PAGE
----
By David C. Leach
An old joke begins by asking that you imagine a man drowning 100 feet offshore while a conservative and a liberal are observing. The conservative throws him a 50 foot rope and says: “swim the extra distance, it’s good for you.” The liberal, on the other hand, throws him a 100 foot line and then promptly drops his end of the line in order to go and do another good deed.
While offering insight into our politics the story also illuminates some of our habits around caregiving in our current healthcare system and the policies supporting that system. Certainly individual stories of near heroic caring can be found, but the system itself is designed around processes and structures that seem to diminish the importance of the caring relationships at the heart of our work. Caregivers frequently depend on work arounds. What would it take to develop a system that respects, rewards, or at least enables genuine caregiving?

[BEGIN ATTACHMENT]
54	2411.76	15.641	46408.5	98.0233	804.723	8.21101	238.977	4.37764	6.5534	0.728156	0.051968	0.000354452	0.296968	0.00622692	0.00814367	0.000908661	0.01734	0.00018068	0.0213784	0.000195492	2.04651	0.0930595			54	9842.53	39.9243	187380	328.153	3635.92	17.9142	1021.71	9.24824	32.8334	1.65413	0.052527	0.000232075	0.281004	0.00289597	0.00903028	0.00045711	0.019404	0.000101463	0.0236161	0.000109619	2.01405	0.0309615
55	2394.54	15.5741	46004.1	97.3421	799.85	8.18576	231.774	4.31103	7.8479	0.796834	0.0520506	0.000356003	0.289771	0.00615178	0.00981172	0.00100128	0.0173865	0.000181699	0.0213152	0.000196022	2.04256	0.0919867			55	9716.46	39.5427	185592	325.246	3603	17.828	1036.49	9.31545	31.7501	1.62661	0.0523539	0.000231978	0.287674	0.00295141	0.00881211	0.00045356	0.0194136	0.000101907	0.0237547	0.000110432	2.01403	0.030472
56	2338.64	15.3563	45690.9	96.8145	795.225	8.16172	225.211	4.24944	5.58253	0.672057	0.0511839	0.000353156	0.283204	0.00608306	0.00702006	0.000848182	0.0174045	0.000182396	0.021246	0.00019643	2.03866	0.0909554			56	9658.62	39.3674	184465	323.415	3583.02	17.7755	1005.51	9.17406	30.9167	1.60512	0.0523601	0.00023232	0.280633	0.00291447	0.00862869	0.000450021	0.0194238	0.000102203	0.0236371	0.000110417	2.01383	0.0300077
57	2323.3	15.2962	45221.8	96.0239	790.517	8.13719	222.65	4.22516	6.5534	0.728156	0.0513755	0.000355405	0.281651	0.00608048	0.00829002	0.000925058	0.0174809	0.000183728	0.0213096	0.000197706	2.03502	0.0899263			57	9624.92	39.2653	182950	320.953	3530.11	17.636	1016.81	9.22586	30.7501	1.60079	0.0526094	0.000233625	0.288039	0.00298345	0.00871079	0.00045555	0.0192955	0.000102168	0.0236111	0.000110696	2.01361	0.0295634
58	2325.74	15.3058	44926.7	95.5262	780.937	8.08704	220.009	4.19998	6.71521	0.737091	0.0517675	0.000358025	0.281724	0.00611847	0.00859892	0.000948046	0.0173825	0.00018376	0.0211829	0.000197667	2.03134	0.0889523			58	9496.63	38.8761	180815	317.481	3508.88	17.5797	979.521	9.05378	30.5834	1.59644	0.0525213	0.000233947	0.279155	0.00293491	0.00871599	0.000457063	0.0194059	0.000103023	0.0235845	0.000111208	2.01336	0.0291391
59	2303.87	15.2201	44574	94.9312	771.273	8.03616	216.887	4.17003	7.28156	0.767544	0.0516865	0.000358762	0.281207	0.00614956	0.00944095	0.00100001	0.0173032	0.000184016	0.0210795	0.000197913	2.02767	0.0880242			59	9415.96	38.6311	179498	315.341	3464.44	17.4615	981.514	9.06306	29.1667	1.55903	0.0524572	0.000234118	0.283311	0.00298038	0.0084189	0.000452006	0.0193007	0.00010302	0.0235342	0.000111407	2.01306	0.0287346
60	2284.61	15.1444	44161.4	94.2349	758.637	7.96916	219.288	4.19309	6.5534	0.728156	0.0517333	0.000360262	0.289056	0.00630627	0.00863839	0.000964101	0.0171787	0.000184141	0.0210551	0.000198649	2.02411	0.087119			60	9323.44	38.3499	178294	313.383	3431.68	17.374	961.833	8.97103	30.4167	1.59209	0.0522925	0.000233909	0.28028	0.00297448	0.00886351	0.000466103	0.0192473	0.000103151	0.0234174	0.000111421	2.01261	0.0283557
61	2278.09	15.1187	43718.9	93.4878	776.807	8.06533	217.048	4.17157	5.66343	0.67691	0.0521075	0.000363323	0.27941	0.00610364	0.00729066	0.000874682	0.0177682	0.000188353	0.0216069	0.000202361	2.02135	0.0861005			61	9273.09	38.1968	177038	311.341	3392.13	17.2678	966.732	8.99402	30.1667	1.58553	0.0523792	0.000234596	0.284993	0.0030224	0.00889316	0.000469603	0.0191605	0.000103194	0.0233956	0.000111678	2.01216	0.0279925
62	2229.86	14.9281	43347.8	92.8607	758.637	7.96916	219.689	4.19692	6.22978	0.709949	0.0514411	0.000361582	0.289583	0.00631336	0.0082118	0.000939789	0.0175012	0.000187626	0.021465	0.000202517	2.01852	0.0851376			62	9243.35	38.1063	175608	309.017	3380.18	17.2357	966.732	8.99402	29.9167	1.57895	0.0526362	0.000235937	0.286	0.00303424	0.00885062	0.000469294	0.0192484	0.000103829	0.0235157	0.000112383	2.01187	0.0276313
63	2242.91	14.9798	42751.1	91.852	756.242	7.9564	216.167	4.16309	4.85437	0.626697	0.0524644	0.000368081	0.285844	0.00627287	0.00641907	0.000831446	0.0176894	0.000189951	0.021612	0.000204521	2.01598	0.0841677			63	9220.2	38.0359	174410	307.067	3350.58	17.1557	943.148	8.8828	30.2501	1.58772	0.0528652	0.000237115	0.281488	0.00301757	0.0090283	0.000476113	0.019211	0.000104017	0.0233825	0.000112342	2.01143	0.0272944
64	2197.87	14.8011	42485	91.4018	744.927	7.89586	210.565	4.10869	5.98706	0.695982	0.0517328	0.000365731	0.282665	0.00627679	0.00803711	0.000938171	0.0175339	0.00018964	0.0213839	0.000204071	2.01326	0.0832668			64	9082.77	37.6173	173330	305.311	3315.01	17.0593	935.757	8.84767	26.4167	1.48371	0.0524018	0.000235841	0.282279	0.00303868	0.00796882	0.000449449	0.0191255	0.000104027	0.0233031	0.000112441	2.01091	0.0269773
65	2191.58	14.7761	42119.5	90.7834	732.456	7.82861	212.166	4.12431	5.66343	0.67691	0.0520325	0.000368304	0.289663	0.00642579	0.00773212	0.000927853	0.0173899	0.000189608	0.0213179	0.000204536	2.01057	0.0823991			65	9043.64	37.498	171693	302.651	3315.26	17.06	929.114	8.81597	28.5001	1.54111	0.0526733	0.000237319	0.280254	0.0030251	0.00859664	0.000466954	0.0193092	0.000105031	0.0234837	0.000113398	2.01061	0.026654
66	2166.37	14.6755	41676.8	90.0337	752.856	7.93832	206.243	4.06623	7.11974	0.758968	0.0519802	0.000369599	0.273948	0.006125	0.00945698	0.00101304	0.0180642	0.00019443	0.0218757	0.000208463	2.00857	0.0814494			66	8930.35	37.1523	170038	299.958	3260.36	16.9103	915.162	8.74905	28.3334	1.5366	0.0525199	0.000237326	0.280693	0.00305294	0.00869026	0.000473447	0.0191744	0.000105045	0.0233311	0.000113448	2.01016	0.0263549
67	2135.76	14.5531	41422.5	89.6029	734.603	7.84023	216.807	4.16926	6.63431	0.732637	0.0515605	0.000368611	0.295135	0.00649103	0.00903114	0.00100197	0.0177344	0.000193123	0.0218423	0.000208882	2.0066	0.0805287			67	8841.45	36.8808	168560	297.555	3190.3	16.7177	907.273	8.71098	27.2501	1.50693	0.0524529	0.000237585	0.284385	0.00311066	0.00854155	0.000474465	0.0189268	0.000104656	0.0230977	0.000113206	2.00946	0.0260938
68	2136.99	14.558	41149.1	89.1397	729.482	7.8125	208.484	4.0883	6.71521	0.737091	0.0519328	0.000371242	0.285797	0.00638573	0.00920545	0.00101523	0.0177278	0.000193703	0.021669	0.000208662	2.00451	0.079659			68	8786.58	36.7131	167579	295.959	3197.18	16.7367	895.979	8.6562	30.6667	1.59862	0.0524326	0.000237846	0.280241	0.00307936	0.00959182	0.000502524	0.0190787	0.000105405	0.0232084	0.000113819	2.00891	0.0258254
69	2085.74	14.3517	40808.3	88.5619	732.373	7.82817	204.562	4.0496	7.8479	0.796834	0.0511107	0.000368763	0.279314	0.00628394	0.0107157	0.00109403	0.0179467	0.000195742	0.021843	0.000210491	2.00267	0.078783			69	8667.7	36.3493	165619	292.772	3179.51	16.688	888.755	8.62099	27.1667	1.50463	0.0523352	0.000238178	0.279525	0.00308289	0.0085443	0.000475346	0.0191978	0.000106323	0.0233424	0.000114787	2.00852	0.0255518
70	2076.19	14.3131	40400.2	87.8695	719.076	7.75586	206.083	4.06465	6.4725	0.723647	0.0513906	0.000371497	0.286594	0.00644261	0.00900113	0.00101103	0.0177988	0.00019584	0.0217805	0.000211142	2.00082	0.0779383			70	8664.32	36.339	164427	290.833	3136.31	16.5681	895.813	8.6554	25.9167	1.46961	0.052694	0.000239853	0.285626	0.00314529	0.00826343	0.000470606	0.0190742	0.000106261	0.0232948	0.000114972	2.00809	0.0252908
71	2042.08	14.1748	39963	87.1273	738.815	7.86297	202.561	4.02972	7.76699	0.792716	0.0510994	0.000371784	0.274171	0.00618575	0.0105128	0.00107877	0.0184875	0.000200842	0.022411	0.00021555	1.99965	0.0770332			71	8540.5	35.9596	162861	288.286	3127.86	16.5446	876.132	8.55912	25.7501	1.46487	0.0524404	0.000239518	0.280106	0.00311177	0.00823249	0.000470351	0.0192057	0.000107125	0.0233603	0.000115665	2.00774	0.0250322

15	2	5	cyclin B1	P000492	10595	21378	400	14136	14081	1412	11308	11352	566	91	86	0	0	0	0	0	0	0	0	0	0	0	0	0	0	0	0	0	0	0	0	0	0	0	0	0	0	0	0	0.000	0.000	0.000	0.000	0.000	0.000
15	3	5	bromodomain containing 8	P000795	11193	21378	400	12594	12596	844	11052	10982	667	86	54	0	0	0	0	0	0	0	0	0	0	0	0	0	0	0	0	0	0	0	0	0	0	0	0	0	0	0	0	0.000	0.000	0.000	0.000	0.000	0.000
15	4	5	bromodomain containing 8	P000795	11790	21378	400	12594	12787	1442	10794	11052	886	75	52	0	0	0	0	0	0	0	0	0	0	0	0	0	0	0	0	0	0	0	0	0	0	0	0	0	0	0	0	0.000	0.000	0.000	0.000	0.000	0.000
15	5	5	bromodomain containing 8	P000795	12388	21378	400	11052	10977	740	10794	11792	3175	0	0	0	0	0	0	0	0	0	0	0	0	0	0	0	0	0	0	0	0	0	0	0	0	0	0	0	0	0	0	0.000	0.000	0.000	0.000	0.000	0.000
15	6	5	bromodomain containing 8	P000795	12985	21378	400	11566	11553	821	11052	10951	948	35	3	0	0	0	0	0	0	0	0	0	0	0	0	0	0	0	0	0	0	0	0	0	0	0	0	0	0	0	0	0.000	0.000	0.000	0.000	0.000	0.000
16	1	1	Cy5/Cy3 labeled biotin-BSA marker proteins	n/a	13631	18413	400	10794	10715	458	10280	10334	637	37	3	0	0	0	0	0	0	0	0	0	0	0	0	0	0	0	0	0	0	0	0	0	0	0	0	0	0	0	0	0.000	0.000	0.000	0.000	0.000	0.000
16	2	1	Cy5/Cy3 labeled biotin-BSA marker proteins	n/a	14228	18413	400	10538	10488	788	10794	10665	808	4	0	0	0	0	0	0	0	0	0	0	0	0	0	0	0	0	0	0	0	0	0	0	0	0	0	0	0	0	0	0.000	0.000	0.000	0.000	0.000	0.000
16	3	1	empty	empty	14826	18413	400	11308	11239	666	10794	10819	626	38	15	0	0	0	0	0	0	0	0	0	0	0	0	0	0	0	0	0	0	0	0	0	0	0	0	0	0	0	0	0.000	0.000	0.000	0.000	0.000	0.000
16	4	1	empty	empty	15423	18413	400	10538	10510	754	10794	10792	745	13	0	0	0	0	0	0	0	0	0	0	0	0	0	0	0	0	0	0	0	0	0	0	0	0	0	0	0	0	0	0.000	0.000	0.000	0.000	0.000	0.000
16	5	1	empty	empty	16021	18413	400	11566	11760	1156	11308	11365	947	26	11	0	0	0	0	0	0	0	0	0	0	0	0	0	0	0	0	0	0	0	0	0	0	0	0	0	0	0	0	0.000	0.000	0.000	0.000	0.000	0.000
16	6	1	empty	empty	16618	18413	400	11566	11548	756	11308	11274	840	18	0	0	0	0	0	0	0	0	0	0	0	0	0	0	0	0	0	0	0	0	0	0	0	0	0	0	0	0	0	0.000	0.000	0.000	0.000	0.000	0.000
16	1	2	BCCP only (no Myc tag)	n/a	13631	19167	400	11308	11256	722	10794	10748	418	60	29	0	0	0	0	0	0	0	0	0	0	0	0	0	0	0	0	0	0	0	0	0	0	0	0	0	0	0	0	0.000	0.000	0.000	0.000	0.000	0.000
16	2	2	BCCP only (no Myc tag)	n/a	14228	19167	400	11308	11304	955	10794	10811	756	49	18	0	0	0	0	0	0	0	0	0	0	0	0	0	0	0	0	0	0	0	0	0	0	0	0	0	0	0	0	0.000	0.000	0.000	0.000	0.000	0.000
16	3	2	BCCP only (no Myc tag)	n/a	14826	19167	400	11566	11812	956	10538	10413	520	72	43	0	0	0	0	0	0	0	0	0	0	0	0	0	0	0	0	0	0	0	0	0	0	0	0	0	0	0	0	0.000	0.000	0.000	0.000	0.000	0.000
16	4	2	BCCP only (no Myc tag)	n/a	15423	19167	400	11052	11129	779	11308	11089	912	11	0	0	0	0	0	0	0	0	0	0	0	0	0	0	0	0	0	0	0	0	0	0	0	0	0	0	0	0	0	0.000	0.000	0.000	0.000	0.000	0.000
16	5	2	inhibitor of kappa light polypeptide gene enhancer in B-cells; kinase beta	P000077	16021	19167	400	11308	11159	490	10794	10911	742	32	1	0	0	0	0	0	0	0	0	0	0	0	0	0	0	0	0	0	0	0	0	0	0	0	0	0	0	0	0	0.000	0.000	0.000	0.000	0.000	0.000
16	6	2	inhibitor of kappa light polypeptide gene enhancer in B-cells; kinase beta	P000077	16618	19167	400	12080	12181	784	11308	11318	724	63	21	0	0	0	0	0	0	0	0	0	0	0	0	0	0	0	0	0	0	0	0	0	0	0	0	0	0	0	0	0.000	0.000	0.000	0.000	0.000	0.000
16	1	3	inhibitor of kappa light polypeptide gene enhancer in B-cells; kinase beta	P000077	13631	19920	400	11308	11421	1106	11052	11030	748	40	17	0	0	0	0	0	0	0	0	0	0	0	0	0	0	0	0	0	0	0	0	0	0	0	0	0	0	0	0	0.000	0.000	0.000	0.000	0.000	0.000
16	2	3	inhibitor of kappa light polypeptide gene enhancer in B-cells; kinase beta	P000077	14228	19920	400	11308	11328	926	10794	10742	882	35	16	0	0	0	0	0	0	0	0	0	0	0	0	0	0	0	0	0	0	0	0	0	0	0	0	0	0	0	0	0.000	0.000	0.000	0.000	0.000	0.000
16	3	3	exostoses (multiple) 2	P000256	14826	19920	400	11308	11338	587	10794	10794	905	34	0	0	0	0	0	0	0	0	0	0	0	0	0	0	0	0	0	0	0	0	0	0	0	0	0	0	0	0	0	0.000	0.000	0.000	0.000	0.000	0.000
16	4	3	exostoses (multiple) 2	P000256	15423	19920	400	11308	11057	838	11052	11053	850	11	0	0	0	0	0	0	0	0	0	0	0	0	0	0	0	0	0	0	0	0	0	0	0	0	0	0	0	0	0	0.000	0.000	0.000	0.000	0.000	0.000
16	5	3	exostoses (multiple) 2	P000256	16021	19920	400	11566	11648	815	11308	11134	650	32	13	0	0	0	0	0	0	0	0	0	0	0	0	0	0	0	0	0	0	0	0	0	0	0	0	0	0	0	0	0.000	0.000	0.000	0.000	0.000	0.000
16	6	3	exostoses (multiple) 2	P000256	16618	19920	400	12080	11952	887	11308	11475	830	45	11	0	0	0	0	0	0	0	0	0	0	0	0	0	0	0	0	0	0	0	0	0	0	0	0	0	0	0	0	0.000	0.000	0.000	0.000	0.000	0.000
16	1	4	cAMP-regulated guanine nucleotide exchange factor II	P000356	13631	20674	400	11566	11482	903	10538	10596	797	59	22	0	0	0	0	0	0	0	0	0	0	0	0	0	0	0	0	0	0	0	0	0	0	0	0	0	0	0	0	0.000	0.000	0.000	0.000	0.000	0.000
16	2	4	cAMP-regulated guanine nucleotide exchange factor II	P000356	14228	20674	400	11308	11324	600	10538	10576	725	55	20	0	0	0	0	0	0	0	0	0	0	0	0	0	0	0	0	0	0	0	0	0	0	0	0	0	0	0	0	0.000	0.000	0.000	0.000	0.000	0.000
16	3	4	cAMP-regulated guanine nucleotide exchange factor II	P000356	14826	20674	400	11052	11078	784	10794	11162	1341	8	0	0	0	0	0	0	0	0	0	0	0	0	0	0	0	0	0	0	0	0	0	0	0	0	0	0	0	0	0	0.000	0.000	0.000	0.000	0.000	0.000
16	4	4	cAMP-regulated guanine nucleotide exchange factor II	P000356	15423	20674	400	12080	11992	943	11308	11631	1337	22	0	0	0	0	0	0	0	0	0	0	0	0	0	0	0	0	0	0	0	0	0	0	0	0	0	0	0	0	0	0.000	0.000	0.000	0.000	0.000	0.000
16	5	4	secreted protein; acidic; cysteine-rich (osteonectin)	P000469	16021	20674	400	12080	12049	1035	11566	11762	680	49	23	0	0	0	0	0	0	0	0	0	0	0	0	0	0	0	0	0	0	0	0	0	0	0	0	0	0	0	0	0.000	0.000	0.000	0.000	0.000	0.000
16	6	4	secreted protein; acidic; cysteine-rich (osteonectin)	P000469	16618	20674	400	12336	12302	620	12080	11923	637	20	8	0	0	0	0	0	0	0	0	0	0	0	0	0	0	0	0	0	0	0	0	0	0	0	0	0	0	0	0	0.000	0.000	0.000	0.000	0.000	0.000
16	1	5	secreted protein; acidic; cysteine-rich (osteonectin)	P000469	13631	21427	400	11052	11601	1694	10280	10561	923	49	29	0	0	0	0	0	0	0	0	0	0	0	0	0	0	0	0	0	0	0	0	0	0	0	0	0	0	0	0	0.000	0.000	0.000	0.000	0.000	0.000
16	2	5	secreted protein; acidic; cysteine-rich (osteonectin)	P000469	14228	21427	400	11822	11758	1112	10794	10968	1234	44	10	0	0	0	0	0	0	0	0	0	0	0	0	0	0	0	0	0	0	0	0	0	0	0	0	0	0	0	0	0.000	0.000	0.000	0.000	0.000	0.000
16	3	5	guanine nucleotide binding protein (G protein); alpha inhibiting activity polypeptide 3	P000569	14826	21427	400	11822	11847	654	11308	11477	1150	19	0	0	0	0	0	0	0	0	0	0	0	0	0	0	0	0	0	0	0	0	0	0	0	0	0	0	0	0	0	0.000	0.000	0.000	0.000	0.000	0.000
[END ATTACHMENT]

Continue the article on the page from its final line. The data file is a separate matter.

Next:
Caregiving, of course, is an attribute of humans, not systems. To care for another requires a voluntary opening of the heart to compassion; it requires noticing and acknowledging the uniqueness of the other and a willingness to enter into their context. Keenan defines mercy as the willingness to enter into the chaos of the other. (1) The biblical story of the Good Samaritan (Luke, 10:33) illuminates an interesting attribute of caregiving that may indicate why humans can care and systems cannot; the clue is in the voice of the verbs used. The story is well known: a traveler has been assaulted and robbed.
The views, opinions and positions expressed by these authors and blogs are theirs and do not necessarily represent that of the Bioethics Research Library and Kennedy Institute of Ethics or Georgetown University.